The Serbian world number one was the last man standing in Melbourne after two ferocious battles spanning more than 10 hours against Andy Murray in the semis and then Rafa Nadal in the final. He now towers like a chunk of granite at the top of the men's game.
Having risen through the ranks in an era when Roger Federer and Nadal shredded the record books the 24-year-old now looks capable of achieving the feat that eluded both of them, and many more of the game's greats, the fabled calendar Grand Slam.
Djokovic won three of the four majors last year, only tripping up in the semi-finals of the French Open to an inspired Federer who himself collected three pieces of the jigsaw in 2004, 2006 and 2007 -- each time Nadal proving an insurmountable barrier on Parisian brick dust.
Nadal won the French, Wimbledon and the U.S. Open during his dominant 2010, since when Djokovic has taken over.
While Federer has never mastered Nadal's topspin brutality at Roland Garros -- his only triumph coming there when Nadal was injured in 2009 -- and Nadal often suffered on the hard courts of Melbourne and Flushing Meadows, Djokovic's game is tailor-made for any surface.
His rubber-limbed movement means any ball appears within his reach, his serve is now a major weapon and his ability to generate pace off either wing by stepping inside the baseline means virtually all his matches are played on his terms.
Even when Murray launched a staggering onslaught in Friday's semi-final, Djokovic weathered the storm behind his steely defences.
He proved last year that he had Nadal's number on slow clay, de-throning the Mallorcan powerhouse in Madrid and Rome without dropping a set -- defeats that eroded Nadal's aura of invincibilty on a surface he has ruled on since 2005.
While talk of a calendar Grand Slam, a feat not achieved since Rod Laver in 1969, is loaded with pitfalls, Djokovic was doing nothing to play down the possibility after his five hour 53 minute victory against Nadal on Sunday.
"I'm prioritising Grand Slams this year, as every year, and the Olympic Games. I think that's one of my highest goals," Djokovic said after becoming just the fifth player to win three of them in succession.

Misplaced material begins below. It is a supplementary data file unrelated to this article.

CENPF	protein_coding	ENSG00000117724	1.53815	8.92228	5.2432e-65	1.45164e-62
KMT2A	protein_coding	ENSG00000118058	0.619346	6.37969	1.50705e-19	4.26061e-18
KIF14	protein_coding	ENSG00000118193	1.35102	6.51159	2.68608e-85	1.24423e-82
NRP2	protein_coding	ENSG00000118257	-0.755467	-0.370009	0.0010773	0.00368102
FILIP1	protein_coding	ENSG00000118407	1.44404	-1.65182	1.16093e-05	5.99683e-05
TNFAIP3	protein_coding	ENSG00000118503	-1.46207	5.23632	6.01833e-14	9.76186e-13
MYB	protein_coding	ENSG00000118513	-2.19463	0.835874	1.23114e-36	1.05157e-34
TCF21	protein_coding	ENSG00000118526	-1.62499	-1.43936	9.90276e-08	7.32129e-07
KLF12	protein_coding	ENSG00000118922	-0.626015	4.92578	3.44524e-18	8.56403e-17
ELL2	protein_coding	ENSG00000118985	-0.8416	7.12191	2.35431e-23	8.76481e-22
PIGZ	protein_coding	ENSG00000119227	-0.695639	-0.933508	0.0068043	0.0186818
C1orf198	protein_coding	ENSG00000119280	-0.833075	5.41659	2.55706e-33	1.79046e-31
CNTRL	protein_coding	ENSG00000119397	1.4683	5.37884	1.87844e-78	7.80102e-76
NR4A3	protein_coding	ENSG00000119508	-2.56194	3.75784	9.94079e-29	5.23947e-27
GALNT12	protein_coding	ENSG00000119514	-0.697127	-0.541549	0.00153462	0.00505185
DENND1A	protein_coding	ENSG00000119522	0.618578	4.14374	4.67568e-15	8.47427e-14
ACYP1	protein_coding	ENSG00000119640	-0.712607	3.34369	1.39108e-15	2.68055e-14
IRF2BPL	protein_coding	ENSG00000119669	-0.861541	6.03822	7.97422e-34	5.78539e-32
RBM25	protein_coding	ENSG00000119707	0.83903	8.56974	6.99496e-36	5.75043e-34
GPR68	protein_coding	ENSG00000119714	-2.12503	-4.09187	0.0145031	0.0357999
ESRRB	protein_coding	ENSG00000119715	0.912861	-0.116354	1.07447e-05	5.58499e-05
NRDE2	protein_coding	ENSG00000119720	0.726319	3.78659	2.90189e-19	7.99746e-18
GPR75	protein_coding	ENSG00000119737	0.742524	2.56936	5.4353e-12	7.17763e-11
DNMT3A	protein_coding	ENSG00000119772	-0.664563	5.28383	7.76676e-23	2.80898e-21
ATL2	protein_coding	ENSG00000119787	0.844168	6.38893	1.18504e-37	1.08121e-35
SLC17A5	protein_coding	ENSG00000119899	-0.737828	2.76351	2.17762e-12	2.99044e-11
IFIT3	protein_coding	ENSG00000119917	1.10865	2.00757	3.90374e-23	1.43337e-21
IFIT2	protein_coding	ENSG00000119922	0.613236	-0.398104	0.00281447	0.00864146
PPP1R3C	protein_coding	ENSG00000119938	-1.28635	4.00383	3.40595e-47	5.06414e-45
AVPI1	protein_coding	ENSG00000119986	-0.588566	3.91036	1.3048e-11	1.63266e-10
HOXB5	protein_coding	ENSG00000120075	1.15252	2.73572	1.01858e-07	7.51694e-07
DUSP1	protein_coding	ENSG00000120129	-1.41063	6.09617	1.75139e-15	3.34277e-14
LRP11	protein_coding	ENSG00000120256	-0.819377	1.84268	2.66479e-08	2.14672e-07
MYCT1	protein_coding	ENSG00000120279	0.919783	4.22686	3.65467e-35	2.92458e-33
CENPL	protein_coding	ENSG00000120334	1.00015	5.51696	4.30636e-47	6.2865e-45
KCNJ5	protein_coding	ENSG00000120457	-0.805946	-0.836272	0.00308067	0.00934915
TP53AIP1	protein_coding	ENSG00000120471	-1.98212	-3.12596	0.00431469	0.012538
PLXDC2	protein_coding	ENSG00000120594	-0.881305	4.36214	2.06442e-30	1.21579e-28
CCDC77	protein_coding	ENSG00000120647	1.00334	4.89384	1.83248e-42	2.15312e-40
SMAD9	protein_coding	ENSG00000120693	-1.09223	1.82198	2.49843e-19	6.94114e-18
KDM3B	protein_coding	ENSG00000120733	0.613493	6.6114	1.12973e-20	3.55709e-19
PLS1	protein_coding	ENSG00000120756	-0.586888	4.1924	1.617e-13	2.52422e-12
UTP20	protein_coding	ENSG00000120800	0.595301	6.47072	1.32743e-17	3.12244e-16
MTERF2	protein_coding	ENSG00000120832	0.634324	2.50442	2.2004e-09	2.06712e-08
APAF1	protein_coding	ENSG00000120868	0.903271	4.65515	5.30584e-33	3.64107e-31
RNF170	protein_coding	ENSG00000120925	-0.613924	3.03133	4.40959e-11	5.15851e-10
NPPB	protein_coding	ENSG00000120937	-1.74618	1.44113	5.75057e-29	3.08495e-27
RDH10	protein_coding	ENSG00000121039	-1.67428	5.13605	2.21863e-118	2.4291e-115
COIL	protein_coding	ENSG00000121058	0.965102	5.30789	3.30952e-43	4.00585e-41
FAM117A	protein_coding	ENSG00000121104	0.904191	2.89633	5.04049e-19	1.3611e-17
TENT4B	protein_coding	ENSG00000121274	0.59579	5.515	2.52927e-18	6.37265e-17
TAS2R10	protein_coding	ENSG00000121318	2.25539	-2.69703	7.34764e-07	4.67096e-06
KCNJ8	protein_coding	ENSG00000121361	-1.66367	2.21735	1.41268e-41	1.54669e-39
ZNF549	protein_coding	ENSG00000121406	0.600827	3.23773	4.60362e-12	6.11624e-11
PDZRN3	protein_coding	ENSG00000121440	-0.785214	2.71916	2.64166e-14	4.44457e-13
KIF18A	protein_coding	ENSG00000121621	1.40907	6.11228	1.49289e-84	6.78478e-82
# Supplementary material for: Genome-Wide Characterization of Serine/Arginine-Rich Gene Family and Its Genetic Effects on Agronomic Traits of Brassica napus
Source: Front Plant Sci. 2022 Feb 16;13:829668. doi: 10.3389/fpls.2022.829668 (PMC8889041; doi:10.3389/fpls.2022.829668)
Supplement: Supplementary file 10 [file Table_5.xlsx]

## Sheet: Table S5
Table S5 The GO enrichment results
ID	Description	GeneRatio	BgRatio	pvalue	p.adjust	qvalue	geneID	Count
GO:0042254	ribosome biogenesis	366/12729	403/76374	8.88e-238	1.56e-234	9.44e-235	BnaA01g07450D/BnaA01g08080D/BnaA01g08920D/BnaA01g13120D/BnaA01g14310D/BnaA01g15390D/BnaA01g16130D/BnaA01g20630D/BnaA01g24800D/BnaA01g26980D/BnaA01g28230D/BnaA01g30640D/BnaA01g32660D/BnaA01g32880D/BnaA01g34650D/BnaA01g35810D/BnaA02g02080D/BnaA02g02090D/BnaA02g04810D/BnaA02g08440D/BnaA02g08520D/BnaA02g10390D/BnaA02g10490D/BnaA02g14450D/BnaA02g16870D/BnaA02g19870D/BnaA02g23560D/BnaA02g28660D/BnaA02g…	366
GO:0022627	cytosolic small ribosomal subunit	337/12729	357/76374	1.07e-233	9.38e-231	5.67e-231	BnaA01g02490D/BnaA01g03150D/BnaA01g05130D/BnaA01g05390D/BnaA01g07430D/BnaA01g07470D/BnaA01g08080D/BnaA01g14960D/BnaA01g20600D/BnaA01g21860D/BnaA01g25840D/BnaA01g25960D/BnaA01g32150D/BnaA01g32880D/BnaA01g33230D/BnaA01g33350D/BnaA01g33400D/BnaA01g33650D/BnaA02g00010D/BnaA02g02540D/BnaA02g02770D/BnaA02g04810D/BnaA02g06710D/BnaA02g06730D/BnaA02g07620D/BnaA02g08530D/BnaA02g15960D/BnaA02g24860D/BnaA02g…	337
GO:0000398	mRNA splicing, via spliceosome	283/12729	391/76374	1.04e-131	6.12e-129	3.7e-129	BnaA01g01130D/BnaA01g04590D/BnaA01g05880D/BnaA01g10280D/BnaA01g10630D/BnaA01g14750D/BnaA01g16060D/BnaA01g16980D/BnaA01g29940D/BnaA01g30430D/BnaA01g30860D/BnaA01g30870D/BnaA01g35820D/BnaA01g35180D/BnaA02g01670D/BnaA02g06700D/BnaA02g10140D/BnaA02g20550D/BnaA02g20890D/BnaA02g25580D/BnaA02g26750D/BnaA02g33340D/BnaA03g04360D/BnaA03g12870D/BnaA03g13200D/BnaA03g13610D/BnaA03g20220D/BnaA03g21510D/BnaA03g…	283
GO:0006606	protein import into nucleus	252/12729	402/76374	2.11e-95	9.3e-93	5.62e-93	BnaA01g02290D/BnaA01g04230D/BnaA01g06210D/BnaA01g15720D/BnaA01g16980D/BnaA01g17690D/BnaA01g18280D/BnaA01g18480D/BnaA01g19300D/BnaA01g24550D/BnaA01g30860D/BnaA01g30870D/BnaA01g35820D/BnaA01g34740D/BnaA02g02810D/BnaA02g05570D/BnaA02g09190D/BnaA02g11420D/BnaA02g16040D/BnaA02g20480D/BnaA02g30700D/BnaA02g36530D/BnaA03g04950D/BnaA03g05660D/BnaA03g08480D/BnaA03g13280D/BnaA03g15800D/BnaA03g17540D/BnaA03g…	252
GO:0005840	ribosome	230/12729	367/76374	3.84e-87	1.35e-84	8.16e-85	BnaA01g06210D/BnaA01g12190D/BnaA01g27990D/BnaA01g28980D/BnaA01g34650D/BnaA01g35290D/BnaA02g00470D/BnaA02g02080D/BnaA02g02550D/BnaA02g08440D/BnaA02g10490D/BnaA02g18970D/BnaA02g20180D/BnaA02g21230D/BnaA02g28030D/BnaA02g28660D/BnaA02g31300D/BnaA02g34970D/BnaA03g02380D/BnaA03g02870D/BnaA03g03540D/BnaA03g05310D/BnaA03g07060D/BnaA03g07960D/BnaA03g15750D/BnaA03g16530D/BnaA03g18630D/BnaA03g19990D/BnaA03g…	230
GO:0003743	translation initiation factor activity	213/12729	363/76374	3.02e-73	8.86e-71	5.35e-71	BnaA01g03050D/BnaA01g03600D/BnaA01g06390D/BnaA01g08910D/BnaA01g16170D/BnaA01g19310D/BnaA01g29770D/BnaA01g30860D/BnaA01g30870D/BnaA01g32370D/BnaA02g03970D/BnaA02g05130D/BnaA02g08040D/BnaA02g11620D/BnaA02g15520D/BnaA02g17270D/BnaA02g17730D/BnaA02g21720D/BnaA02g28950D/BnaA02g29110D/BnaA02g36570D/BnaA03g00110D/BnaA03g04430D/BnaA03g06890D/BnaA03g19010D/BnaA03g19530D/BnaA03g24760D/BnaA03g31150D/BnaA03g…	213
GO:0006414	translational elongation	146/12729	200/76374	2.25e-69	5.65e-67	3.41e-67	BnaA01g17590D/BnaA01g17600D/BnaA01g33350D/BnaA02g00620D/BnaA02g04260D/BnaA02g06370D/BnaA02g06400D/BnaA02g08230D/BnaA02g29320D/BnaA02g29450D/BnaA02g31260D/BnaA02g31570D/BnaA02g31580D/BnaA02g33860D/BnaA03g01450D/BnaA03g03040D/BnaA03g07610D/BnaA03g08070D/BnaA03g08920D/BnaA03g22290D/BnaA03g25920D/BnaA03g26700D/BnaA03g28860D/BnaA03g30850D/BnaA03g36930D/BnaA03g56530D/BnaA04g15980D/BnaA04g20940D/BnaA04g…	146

"That doesn't mean of course that I'm not gonna prepare well and perform my best on the other tournaments. It's just that, you know, the Grand Slams matter the most."
Clay has proved the most problematic for former greats such as Federer, Pete Sampras, Stefan Edberg, John McEnroe and Jimmy Connors but Djokovic has no demons on the surface and he clearly believes the French Open is winnable for the first time this year.
"I want to do well and I want to get the first final at least in Paris, you know," he said.
"I have never been in finals there, and I have a feeling that I'm ready this year to achieve that."
Despite Nadal's upbeat reaction to defeat by Djokovic, a seventh consecutive defeat to the relentless Serb will have left mental and physical scars -- similar to the ones he seems to regularly inflict on Federer.
While Sunday's epic was desperately close and Nadal should arguably have won the fifth set against an exhausted opponent, there were long periods of the match when Djokovic called the shots and only Nadal's tenacity kept him in contention.
The good news for Rafa fans is that he is up for the fight and appeared energised by the prospect of trying to stop the Djokovic juggernaut despite acknowledging that the Serb has taken the game to new heights.
"Now he's the best of the world," Nadal said after losing the longest Grand Slam final ever.
"That's how great it is. Five Grand Slams, so the history says that he has a part in the history today winning five Grand Slams, winning a lot of titles, number one of the world."
"We'll see where he arrives," added the 25-year-old.
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